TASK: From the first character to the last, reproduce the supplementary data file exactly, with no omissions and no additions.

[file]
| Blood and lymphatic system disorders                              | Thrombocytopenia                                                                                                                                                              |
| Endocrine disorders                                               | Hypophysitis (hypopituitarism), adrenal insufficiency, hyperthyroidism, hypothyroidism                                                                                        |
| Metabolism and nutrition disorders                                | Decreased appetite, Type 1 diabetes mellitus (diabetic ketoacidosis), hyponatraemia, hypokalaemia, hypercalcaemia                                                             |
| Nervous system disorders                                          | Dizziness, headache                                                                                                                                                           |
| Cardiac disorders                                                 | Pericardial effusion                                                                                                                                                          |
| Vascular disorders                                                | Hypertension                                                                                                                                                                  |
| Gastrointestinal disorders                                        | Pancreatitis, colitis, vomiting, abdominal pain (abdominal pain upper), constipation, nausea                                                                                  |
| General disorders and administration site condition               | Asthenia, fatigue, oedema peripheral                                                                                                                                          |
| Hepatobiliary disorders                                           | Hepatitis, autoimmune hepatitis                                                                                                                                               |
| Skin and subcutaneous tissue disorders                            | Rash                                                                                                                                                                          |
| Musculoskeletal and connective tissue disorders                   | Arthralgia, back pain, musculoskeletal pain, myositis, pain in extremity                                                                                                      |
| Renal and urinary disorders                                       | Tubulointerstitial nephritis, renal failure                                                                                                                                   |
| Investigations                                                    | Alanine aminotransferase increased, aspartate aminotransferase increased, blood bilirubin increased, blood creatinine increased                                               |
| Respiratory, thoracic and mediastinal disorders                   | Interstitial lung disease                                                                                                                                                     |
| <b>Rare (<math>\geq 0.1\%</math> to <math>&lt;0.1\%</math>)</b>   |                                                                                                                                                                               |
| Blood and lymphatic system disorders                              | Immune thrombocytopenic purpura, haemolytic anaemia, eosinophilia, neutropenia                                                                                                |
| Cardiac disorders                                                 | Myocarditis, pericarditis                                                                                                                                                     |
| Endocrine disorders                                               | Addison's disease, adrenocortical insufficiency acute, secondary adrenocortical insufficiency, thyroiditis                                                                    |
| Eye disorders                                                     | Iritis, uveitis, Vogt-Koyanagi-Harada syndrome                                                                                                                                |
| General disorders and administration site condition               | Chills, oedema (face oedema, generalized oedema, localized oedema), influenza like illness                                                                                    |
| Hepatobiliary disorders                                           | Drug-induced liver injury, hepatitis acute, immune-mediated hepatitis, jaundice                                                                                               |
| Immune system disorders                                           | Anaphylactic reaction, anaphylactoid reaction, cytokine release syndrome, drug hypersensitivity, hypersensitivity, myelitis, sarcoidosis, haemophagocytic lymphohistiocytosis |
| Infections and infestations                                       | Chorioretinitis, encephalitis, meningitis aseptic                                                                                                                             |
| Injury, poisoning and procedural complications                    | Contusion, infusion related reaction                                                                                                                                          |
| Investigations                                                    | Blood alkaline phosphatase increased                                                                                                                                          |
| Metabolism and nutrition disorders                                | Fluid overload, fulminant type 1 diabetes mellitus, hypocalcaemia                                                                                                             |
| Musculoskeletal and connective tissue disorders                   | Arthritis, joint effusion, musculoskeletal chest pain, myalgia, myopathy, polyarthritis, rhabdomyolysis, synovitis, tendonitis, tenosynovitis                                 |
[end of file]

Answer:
| Blood and lymphatic system disorders                              | Thrombocytopenia                                                                                                                                                              |
| Endocrine disorders                                               | Hypophysitis (hypopituitarism), adrenal insufficiency, hyperthyroidism, hypothyroidism                                                                                        |
| Metabolism and nutrition disorders                                | Decreased appetite, Type 1 diabetes mellitus (diabetic ketoacidosis), hyponatraemia, hypokalaemia, hypercalcaemia                                                             |
| Nervous system disorders                                          | Dizziness, headache                                                                                                                                                           |
| Cardiac disorders                                                 | Pericardial effusion                                                                                                                                                          |
| Vascular disorders                                                | Hypertension                                                                                                                                                                  |
| Gastrointestinal disorders                                        | Pancreatitis, colitis, vomiting, abdominal pain (abdominal pain upper), constipation, nausea                                                                                  |
| General disorders and administration site condition               | Asthenia, fatigue, oedema peripheral                                                                                                                                          |
| Hepatobiliary disorders                                           | Hepatitis, autoimmune hepatitis                                                                                                                                               |
| Skin and subcutaneous tissue disorders                            | Rash                                                                                                                                                                          |
| Musculoskeletal and connective tissue disorders                   | Arthralgia, back pain, musculoskeletal pain, myositis, pain in extremity                                                                                                      |
| Renal and urinary disorders                                       | Tubulointerstitial nephritis, renal failure                                                                                                                                   |
| Investigations                                                    | Alanine aminotransferase increased, aspartate aminotransferase increased, blood bilirubin increased, blood creatinine increased                                               |
| Respiratory, thoracic and mediastinal disorders                   | Interstitial lung disease                                                                                                                                                     |
| <b>Rare (<math>\geq 0.1\%</math> to <math>&lt;0.1\%</math>)</b>   |                                                                                                                                                                               |
| Blood and lymphatic system disorders                              | Immune thrombocytopenic purpura, haemolytic anaemia, eosinophilia, neutropenia                                                                                                |
| Cardiac disorders                                                 | Myocarditis, pericarditis                                                                                                                                                     |
| Endocrine disorders                                               | Addison's disease, adrenocortical insufficiency acute, secondary adrenocortical insufficiency, thyroiditis                                                                    |
| Eye disorders                                                     | Iritis, uveitis, Vogt-Koyanagi-Harada syndrome                                                                                                                                |
| General disorders and administration site condition               | Chills, oedema (face oedema, generalized oedema, localized oedema), influenza like illness                                                                                    |
| Hepatobiliary disorders                                           | Drug-induced liver injury, hepatitis acute, immune-mediated hepatitis, jaundice                                                                                               |
| Immune system disorders                                           | Anaphylactic reaction, anaphylactoid reaction, cytokine release syndrome, drug hypersensitivity, hypersensitivity, myelitis, sarcoidosis, haemophagocytic lymphohistiocytosis |
| Infections and infestations                                       | Chorioretinitis, encephalitis, meningitis aseptic                                                                                                                             |
| Injury, poisoning and procedural complications                    | Contusion, infusion related reaction                                                                                                                                          |
| Investigations                                                    | Blood alkaline phosphatase increased                                                                                                                                          |
| Metabolism and nutrition disorders                                | Fluid overload, fulminant type 1 diabetes mellitus, hypocalcaemia                                                                                                             |
| Musculoskeletal and connective tissue disorders                   | Arthritis, joint effusion, musculoskeletal chest pain, myalgia, myopathy, polyarthritis, rhabdomyolysis, synovitis, tendonitis, tenosynovitis                                 |